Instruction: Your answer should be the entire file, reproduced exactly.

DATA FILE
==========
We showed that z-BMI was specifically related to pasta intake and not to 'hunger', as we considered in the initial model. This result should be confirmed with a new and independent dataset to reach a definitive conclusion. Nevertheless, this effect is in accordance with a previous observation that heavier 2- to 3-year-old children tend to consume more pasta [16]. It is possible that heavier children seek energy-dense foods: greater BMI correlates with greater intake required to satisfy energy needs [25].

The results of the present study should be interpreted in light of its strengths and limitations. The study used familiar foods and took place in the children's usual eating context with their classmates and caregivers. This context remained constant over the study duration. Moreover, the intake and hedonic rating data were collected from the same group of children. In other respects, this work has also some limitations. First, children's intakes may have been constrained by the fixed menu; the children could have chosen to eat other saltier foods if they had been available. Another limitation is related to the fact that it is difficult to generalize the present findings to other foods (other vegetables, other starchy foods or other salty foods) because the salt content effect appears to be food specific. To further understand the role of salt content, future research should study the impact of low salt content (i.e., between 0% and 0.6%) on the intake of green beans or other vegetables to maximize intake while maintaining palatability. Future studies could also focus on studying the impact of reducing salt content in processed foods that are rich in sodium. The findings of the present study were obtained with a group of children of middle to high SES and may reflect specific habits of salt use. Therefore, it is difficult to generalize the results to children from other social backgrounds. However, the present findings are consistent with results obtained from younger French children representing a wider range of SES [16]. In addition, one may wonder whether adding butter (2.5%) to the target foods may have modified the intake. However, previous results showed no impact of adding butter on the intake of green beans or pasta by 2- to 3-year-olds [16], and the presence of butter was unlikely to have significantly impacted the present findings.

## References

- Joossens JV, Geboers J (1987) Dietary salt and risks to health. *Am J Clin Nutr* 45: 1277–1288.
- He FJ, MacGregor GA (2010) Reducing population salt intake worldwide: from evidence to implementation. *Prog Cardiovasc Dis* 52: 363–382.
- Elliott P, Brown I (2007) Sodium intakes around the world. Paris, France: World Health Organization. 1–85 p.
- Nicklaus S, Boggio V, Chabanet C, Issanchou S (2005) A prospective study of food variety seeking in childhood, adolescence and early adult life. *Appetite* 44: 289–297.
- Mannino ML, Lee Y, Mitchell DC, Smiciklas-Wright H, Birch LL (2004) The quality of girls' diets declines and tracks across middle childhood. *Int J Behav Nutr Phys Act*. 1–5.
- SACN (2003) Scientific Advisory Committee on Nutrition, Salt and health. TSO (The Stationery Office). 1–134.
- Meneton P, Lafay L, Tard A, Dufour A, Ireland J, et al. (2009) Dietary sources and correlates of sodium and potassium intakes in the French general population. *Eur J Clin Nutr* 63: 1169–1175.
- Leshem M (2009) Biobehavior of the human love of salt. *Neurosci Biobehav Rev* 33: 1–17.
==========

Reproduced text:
We showed that z-BMI was specifically related to pasta intake and not to 'hunger', as we considered in the initial model. This result should be confirmed with a new and independent dataset to reach a definitive conclusion. Nevertheless, this effect is in accordance with a previous observation that heavier 2- to 3-year-old children tend to consume more pasta [16]. It is possible that heavier children seek energy-dense foods: greater BMI correlates with greater intake required to satisfy energy needs [25].

The results of the present study should be interpreted in light of its strengths and limitations. The study used familiar foods and took place in the children's usual eating context with their classmates and caregivers. This context remained constant over the study duration. Moreover, the intake and hedonic rating data were collected from the same group of children. In other respects, this work has also some limitations. First, children's intakes may have been constrained by the fixed menu; the children could have chosen to eat other saltier foods if they had been available. Another limitation is related to the fact that it is difficult to generalize the present findings to other foods (other vegetables, other starchy foods or other salty foods) because the salt content effect appears to be food specific. To further understand the role of salt content, future research should study the impact of low salt content (i.e., between 0% and 0.6%) on the intake of green beans or other vegetables to maximize intake while maintaining palatability. Future studies could also focus on studying the impact of reducing salt content in processed foods that are rich in sodium. The findings of the present study were obtained with a group of children of middle to high SES and may reflect specific habits of salt use. Therefore, it is difficult to generalize the results to children from other social backgrounds. However, the present findings are consistent with results obtained from younger French children representing a wider range of SES [16]. In addition, one may wonder whether adding butter (2.5%) to the target foods may have modified the intake. However, previous results showed no impact of adding butter on the intake of green beans or pasta by 2- to 3-year-olds [16], and the presence of butter was unlikely to have significantly impacted the present findings.

## References

- Joossens JV, Geboers J (1987) Dietary salt and risks to health. *Am J Clin Nutr* 45: 1277–1288.
- He FJ, MacGregor GA (2010) Reducing population salt intake worldwide: from evidence to implementation. *Prog Cardiovasc Dis* 52: 363–382.
- Elliott P, Brown I (2007) Sodium intakes around the world. Paris, France: World Health Organization. 1–85 p.
- Nicklaus S, Boggio V, Chabanet C, Issanchou S (2005) A prospective study of food variety seeking in childhood, adolescence and early adult life. *Appetite* 44: 289–297.
- Mannino ML, Lee Y, Mitchell DC, Smiciklas-Wright H, Birch LL (2004) The quality of girls' diets declines and tracks across middle childhood. *Int J Behav Nutr Phys Act*. 1–5.
- SACN (2003) Scientific Advisory Committee on Nutrition, Salt and health. TSO (The Stationery Office). 1–134.
- Meneton P, Lafay L, Tard A, Dufour A, Ireland J, et al. (2009) Dietary sources and correlates of sodium and potassium intakes in the French general population. *Eur J Clin Nutr* 63: 1169–1175.
- Leshem M (2009) Biobehavior of the human love of salt. *Neurosci Biobehav Rev* 33: 1–17.